The biennial General Assembly of the Presbyterian Church USA in Detroit this week (ending June 22) took action by a margin of 4 to 1 to permit pastors to perform same-sex marriages in jurisdictions where such marriages are legal. These marriages are governed by the same rules as other marriages. Namely, it is up to the pastor, guided by the Holy Spirit, to determine whether the marriage ought to be conducted; it is up to the session of the congregation to agree to the service; and it must be in the form of a worship service.
This is not an uncontroversial stand the Presbyterian Church has taken. Furthermore, the General Assembly approved a proposal to change the definition of marriage from “between one man and one woman: to “traditionally between one man and one woman”. This has to be confirmed by the presbyteries over the next several months to be placed in the constitution of the Presbyterian Church USA. There was discussion about taking out the phrase entirely, but recognizing the long tradition was hoped to signal continuity rather than a radical break. This will not satisfy conservatives who insist that heterosexual monogamy is mandated by the Bible and is not open to change. Apparently the General Assembly was persuaded that Presbyterian Church USA policy must not be an obstacle for pastors to exercise pastoral care at the time a couple is embarking on marriage. Thus the Presbyterian Church joins a growing number of denominations who have yielded to the tide of openness to homosexuals as legitimate members of society.
Perhaps it would be best to simply applaud what the General Assembly has bravely done, and pledge support for the future when still another backlash leads to congregations leaving the denomination. There is pain ahead. But the stand is a right one. We who are gay and we who are engaged in pastoral care of LGBTIQ people are relieved and ready to celebrate the end of the painful discrimination about marriage that the Presbyterian Church has insisted upon.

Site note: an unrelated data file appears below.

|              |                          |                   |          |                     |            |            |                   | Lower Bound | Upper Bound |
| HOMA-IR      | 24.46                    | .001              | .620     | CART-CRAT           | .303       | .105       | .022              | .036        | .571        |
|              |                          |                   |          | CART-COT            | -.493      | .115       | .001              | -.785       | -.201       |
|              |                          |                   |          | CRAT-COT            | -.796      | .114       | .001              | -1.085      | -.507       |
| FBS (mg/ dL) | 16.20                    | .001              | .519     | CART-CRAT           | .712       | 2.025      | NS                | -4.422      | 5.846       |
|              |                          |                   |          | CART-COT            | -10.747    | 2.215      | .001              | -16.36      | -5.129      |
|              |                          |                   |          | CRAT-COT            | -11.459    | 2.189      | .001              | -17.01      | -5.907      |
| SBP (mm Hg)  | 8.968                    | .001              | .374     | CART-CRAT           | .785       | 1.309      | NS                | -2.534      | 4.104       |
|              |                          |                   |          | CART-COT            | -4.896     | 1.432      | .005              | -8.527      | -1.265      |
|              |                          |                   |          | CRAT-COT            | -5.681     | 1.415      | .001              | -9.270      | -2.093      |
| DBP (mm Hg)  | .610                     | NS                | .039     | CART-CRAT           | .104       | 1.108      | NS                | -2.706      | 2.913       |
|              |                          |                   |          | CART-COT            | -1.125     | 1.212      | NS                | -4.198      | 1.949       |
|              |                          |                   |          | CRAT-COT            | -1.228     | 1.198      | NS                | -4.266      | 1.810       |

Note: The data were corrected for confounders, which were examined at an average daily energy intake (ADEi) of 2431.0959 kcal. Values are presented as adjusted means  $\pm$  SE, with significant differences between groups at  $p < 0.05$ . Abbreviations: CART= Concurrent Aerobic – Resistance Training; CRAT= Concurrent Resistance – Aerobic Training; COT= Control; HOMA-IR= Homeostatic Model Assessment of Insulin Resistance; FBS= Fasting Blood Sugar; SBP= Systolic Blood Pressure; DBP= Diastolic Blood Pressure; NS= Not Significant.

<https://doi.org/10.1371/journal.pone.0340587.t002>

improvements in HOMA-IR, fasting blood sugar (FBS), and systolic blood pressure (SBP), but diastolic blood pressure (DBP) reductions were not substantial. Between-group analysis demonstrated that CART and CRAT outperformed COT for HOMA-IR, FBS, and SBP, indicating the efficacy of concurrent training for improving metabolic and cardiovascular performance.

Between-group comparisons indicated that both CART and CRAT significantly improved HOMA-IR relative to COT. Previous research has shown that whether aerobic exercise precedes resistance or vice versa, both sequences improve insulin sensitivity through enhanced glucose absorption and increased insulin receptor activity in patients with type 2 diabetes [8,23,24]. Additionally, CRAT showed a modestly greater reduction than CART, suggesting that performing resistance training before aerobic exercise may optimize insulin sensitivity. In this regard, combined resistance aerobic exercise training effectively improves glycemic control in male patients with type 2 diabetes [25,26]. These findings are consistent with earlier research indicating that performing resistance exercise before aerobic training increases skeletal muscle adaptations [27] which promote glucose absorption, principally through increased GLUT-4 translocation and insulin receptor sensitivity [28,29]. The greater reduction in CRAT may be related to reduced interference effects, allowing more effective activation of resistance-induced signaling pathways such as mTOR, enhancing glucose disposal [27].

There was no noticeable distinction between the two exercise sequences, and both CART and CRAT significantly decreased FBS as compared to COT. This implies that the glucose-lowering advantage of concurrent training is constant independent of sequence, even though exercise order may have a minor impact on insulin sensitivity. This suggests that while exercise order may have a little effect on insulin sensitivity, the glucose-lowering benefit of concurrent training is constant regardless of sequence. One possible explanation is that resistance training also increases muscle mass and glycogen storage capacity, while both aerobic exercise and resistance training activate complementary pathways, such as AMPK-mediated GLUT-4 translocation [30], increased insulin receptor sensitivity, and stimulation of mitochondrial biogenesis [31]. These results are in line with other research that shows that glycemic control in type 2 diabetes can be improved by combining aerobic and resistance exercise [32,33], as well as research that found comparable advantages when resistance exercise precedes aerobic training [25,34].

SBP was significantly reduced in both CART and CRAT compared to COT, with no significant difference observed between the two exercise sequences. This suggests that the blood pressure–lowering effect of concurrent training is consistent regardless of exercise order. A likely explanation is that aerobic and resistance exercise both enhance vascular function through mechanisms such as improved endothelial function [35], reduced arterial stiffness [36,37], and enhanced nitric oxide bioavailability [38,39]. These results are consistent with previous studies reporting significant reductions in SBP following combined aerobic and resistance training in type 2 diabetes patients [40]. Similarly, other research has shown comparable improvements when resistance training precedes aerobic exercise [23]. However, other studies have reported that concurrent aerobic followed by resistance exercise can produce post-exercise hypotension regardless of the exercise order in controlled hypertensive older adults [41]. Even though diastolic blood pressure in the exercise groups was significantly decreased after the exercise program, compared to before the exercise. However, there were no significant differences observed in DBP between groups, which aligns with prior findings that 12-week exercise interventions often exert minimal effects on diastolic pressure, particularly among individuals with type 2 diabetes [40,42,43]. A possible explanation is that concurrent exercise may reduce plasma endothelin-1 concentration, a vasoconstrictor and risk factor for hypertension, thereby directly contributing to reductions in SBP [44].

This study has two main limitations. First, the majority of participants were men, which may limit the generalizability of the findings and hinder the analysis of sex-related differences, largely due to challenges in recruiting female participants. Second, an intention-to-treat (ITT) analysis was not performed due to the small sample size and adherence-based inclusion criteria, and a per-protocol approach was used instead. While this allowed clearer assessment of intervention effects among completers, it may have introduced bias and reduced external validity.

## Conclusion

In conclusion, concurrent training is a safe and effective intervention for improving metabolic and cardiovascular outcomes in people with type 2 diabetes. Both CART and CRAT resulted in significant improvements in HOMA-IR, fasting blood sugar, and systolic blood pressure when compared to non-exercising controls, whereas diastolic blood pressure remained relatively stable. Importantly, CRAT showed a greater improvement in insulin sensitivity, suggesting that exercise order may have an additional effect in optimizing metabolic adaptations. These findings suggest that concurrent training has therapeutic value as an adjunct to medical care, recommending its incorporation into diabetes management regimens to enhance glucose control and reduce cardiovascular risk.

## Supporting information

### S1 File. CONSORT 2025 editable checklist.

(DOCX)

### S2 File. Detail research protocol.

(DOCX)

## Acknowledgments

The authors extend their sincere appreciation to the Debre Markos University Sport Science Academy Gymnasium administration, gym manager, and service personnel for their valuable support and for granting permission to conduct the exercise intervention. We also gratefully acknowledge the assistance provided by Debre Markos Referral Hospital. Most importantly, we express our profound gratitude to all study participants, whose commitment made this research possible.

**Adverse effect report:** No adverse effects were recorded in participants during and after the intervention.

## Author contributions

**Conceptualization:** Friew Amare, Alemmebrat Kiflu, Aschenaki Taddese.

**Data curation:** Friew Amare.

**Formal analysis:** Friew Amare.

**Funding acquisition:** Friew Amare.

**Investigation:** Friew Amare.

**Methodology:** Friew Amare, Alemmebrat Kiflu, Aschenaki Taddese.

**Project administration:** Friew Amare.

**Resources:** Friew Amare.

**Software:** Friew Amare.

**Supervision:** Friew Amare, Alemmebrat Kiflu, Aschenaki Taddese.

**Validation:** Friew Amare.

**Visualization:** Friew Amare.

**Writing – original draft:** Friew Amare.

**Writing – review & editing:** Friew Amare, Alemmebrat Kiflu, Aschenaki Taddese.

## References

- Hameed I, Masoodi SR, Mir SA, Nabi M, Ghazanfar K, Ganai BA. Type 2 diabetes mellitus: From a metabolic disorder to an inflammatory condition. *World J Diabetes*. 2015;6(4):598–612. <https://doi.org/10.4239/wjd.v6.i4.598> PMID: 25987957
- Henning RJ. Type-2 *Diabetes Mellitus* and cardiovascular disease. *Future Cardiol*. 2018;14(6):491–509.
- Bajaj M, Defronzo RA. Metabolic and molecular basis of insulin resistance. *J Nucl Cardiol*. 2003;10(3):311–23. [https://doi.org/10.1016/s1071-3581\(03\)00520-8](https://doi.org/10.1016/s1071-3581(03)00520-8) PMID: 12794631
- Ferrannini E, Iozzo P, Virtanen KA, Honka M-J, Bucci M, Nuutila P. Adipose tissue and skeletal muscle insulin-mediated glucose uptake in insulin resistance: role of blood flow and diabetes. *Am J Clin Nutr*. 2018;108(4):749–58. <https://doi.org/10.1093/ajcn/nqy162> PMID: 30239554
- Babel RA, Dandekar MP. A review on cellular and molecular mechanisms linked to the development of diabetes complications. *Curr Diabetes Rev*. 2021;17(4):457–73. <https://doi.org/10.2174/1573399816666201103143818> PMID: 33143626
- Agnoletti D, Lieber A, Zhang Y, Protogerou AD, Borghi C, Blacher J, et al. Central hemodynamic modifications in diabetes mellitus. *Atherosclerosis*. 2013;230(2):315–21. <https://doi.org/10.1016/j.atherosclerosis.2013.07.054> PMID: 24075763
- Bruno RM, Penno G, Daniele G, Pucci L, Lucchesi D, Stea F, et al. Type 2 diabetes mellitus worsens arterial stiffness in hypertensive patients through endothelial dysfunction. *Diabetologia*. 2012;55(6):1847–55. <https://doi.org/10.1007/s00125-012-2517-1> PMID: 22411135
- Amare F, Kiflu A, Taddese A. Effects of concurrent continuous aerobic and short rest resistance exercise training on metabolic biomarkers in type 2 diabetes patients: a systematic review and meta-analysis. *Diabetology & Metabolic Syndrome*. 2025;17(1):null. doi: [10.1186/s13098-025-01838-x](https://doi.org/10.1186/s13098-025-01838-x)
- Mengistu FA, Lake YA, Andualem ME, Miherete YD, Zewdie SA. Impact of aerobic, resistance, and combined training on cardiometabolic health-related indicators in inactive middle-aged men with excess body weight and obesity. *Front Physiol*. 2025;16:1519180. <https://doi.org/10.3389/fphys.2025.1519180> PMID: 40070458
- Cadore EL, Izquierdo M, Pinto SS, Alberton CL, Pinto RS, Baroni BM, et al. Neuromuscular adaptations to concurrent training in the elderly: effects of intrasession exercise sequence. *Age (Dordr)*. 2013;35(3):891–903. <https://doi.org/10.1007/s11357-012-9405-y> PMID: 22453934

But I cannot refrain from hoping for still greater understanding. As this action makes clear, the Presbyterian General Assembly and the American people are not fluent about the terms being used. It would be very helpful to agree that there is a difference between a wedding and a marriage. A marriage is the description of a relationship. A wedding is a ceremony to institute that state formally and to seek God’s blessing upon it. If the Presbyterian Church and all of us would stop calling weddings marriages a lot of heated argument could be avoided.
What the General assembly agreed this week is for pastors with approval of their ruling elders to be permitted to conduct wedding services. These services are worship events. The phrase “in jurisdictions where such marriages are legal” is confusing and unnecessary as it pertains to weddings. The state or national government has nothing to say about worship services. But in the USA, following European tradition, this worship service involves a legal exchange of promises which constitutes a legal contract. The pastor officiating is acting in behalf of the state government, and then signs a certificate testifying to that. This is what the General Assembly was talking about when its action limited “marriages” to where they are “legal”.
Here’s a way out: weddings are legal everywhere in the USA and most of the world. The aspect of the wedding that is under state control is the exchange of vows if that is the forging of a legal agreement. It is time for the church (and by that I mean pastors and sessions) to stop being state agents. When a couple wants to praise God for their married relationship and implore God’s guidance and blessing there is no need to report it to the state or to issue a marriage certificate that is any more a legal document than a baptismal certificate or an ordination certificate.
If you are a pastor in a state or country that does not permit same-sex marriages, or even if they are allowed where you live, bypass the state. You are under no legal obligation to do the state’s job. The state has no legal authority to prevent you from conducting worship services. Just make it clear that it is up to the couple to get their marriage approved by the state any way they want to.
Rev. Dr. Kenneth Dobson posts his weekly reflections on this blog.